Pen Testing/Security Tool: BackTrack 4

I wanted to share this free download. The BackTrack project has been around for many years and BackTrack 4/R2 includes many new features and tools.

If your interested in security and using a free tool for pen testing, try this one as part of your security  toolkit.

Download BackTrack 4 here

Two Factor Authentication: Enterprise Security Architecture

For many years now its been a standard practice to have a username and a password to access an enterprise service, internally in the organization or access resources over the internet via a VPN or web service. Today, the chances are most systems are still being accessed using this simple authentication model. Its like in the 70s, you had one key to unlock your car and start your vehicle. Before the car manufacturers installed immobilizers and anti-theft electronics with encrypted 2/3 way remote keys, anyone could get into your vehicle, without the deadlocks (and without breaking glass), and hotwire your car and be away down the road in less than 25 seconds. I like to think of this example as a one factor authenticated user on a enterprise network. I have a username and a password (my key to unlock the car) and get going.

Two Factor Authentication (TFA,2FA) has been around for many years. It is the basics of something you know (a password or a pin) and something you have, a token. Now we are moving onto the realm of  immobilizer with a key fob. That sounds great, but as always there is a cost associated with the value of having one time passwords provided by tokens, providing the ultimate security architecture for authenticaton. One time passwords (OTP) are the best method as a security measure. Thats said, I’m not discussing Multi-Factor Authenciation (MFA) in this post which offers additional security.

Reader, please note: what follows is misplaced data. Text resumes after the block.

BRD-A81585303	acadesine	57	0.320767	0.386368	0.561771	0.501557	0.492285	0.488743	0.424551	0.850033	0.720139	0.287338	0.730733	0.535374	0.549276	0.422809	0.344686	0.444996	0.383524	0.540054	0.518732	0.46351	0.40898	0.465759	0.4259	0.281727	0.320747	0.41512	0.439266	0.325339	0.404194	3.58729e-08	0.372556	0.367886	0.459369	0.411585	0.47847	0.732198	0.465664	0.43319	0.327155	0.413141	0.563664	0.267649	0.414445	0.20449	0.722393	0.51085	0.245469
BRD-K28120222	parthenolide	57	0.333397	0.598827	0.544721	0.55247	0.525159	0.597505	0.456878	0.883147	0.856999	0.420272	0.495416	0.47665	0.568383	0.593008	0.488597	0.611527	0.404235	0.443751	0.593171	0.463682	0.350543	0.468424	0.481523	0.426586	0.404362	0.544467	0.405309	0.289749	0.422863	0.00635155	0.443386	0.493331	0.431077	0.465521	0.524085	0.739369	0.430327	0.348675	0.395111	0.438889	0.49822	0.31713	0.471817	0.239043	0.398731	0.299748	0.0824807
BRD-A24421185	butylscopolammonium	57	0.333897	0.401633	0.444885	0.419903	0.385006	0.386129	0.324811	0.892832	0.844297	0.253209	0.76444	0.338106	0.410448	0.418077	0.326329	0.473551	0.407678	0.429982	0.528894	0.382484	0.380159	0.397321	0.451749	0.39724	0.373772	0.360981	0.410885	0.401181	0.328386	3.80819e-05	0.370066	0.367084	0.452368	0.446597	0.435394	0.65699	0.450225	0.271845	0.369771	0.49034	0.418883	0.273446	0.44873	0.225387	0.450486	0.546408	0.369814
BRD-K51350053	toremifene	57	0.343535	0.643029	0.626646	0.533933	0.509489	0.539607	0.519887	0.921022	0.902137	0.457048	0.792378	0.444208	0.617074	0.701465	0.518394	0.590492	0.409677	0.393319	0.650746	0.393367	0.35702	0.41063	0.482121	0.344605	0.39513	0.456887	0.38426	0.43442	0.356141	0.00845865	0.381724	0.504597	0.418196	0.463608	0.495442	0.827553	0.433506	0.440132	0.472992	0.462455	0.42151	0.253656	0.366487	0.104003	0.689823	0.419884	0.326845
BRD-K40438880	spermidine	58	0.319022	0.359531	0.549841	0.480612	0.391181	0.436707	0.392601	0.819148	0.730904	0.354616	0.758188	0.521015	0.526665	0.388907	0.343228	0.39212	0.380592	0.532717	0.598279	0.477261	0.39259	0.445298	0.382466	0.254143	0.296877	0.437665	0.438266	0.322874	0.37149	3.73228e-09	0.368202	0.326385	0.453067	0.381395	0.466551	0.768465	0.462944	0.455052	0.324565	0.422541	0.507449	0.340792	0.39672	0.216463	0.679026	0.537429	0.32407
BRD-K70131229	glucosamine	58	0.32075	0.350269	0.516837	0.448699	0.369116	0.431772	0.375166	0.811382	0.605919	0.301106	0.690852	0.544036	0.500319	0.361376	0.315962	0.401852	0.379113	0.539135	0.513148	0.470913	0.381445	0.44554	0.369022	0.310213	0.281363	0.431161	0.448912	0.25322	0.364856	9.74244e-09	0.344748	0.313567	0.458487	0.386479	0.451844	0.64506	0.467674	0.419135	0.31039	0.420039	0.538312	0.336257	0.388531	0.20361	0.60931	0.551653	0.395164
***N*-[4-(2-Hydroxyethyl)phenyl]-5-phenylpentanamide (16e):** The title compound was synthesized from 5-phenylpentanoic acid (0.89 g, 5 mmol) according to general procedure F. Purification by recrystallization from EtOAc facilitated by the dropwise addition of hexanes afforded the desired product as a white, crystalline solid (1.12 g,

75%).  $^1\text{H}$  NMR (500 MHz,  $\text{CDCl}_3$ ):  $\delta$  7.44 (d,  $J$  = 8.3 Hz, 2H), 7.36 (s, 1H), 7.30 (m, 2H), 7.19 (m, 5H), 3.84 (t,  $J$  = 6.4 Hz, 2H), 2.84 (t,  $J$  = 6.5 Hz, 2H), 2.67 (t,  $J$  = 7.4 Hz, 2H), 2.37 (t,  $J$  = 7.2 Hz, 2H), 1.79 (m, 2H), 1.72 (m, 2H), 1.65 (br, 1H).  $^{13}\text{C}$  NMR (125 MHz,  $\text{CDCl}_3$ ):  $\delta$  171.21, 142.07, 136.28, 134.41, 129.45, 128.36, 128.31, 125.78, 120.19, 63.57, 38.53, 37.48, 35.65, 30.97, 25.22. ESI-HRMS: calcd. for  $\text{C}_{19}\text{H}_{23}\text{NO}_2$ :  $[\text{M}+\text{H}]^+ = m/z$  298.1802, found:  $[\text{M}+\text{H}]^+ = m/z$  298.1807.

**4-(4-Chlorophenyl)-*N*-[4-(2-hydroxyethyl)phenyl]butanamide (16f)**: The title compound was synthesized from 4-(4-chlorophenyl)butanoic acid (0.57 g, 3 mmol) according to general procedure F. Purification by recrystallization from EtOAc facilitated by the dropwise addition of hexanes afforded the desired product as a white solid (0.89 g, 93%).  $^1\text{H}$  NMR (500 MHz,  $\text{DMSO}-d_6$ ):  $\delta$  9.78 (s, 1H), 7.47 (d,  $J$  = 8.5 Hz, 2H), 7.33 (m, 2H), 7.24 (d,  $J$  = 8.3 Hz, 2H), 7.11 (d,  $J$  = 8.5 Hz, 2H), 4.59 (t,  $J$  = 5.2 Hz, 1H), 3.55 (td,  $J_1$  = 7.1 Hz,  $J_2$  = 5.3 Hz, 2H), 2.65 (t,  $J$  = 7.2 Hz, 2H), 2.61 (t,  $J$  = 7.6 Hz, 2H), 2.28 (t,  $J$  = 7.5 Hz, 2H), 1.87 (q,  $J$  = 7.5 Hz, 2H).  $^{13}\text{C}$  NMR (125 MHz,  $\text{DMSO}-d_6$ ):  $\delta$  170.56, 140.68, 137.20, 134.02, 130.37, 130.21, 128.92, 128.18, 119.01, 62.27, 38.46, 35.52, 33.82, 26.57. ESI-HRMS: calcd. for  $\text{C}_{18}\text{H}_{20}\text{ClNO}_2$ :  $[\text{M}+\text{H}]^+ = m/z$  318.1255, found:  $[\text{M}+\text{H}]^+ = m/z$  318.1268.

Over the years the cost of TFA has come down considerably and should be considered as a inherent part of the security architecture in any organization. For example, if your still not convinced, lets look at the very basics of how someone might try to hack into your system:

1) Well known passwords: A dictionary attack tends to try most common dictionary words. A dictionary database is used as part of the hacking program  to attempt to crack the password. As the power of computers increase, any number of passwords in a dictionary can be exhaustively tried within a matter of minutes. Companies usually include security controls to lockout accounts within a number of failed attempts within a set period of time to protect against this type of attack. Controls and policies are also put into place to force complex passwords (passwords with upper case and lower case characters, numbers and other non alphabetic characters) and require them to be changed after a set number of days.

2) Key logger/Malware: Lets put the above control in place, and any malware (Malicious Software) can record and send back screen shots and key strokes you have typed on your keyboard without your knowlege on a regular basis to a server over the internet. This is a basic example of how the basic enterprise security policies can fail.

3) Try common usernames and passwords: How often do you create test accounts, which may not have policies applied for account expiration and for password changes?

In the past I have found the following username/password combinations during basic security checks:

  • test/test
  • test/test1
  • test/test123
  • testuser/testuser
  • testuser1/test
  • testuser2/testuser2

Whilst this might seem like a simple approach to trying to hack test accounts, how many of you may have used the above combinations in the past? Even though this post discusses usernames and passwords, the same applied to well known usernames and passwords for network devices.

4) Shoulder surfing/internal threat: Someone walks by your desk and watches you login to your account and sees the keystrokes.

5) Can you remember where you wrote down your passwords, because you have so many to remember to access all the corporate systems?